Last year I made several New Year’s resolutions — not to drink soda pop, to do chores when they’re needed and one other one I can’t remember.
Well, I made it most of the way through the list with about a 33 percent success rate. Since I can’t remember one resolution, I am not going to count it as a success. I don’t know if I am following its guidelines or not.
The resolution that has become mostly habit is completing chores.
Dishes are done almost immediately, unless it is 10 p.m. by the time I saunter into the kitchen after having company. The trash is outside when the collection of junk hits the brim of its container unless it is midnight and the garage door is going to wake up Tracy, my wife. The recycling is sorted and taken away on a regular basis — about once every two weeks.
But the soda pop resolution only lasted a short while. I maintained my resistance to downing sugary, carbonated beverages for about six months.
Switching to nothing but coffee and water was pretty easy at first. I had already been drinking a lot of both prior to making the switch. The caffeine in coffee prevented headaches, and of course, the enormous amount of water I was drinking kept me hydrated and curbed the desire for thirst- quenching soft drinks.
There was no need to venture into the convenience store while getting gas in the morning, because I already had one or two large cups of water, and sometimes a large container of home-brewed iced coffee.
The occasional beer and tea also kept me from drinking sweet, bubbly beverages while I was out at restaurants. But I could only keep that up so long.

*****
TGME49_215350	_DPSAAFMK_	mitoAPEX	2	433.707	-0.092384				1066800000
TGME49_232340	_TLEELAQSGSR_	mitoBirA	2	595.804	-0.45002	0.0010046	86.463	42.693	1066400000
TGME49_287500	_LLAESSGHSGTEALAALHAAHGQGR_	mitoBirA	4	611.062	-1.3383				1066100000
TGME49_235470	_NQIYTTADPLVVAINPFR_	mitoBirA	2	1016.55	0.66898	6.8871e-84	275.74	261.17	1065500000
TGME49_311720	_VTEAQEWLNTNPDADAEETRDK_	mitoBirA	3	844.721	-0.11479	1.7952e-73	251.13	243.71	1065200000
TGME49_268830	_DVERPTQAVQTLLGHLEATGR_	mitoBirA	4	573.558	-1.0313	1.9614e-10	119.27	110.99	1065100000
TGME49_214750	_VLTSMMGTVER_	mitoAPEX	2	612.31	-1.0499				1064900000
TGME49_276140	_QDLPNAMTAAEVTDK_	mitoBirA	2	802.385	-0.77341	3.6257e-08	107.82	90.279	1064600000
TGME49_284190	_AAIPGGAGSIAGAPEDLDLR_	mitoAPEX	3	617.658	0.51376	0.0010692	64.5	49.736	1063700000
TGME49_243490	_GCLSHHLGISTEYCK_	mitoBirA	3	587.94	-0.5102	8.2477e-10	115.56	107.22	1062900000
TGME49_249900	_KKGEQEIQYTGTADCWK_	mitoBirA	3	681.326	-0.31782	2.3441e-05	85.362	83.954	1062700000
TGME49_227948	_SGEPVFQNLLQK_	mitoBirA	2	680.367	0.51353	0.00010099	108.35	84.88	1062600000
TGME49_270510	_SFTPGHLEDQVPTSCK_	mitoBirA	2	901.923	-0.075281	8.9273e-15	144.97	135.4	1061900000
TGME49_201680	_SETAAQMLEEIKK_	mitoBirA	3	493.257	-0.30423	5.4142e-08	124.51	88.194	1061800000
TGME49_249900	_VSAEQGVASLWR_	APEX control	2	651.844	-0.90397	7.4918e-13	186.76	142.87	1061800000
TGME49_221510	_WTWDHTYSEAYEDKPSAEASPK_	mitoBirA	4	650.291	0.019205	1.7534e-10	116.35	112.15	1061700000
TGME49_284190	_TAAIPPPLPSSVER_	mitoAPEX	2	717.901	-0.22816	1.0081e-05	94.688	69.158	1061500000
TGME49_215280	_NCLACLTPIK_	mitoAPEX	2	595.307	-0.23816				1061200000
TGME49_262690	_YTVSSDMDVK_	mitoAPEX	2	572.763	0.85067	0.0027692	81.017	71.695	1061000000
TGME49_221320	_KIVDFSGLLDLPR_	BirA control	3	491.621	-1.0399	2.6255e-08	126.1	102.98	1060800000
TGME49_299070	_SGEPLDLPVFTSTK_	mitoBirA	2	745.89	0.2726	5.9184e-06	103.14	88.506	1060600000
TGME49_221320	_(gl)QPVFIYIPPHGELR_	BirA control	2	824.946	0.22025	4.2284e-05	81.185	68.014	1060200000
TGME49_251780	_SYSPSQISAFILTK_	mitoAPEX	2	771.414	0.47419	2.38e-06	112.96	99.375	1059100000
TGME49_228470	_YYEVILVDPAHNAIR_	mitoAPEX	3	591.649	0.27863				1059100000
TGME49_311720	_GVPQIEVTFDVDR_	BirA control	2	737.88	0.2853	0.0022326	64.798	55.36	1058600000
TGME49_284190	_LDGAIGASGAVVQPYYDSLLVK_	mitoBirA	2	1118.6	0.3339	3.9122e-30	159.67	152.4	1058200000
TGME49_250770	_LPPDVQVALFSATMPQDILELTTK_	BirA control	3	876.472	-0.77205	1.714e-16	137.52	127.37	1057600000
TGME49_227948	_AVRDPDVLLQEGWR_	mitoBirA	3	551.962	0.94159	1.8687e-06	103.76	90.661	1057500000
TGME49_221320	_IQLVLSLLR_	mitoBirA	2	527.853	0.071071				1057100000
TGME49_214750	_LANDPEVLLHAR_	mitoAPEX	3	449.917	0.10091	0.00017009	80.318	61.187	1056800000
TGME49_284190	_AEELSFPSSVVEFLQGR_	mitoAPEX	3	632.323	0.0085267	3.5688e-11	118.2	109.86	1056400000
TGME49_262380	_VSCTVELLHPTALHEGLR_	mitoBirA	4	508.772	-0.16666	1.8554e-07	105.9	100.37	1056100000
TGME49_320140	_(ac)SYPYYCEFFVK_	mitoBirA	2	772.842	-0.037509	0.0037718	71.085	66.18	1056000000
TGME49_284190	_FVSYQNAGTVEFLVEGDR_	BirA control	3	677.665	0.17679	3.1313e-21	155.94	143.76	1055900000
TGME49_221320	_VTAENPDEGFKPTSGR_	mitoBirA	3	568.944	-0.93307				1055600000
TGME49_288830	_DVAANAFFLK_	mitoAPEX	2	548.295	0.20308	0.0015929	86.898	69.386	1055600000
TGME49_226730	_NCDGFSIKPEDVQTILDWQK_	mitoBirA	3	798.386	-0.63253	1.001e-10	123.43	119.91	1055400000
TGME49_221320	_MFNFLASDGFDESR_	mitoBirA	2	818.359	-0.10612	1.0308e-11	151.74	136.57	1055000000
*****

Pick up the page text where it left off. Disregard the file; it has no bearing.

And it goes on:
My slip started at a local eatery. I decided to order one soda while out for dinner, and the next thing I knew I was in the gas station purchasing them on the way to work.
After that it was the grocery store, buying 1- and 2-liter bottles that would last more than three days in the house.
I naturally drink a lot of fluid, which is part of the problem. It doesn’t matter what liquid beverage is in front of me — water, juice, coffee, energy drinks, alcohol or pop — I manage to swig it all away within a couple of minutes.
Tracy often comments on my fluid intake while at dinner. Waiters are filling my drinks three to five times during my visits to local food joints. Sometimes that means twice before I even get a meal.
All that adds up to a problem when I drink soda. While I have pretty much given up on cutting out drinks like Diet Coke and Dr Pepper, I am still making a conscientious effort not to order such drinks at restaurants. It is probably best that I don’t tap the soda fountain when the supply could be endless during my stay somewhere.
I recognize that I should practice better restraint but some of that restraint is knowing when not to purchase.
At least when I am heading into the convenience store or purchasing two liters at the grocery store, I am somewhat limiting myself.
The goal now is to continue to limit consumption, and the best way to do it is to make sure it is not as available as I would probably like.
Contact Mason W. Canales at firstname.lastname@example.org or (254) 501-7474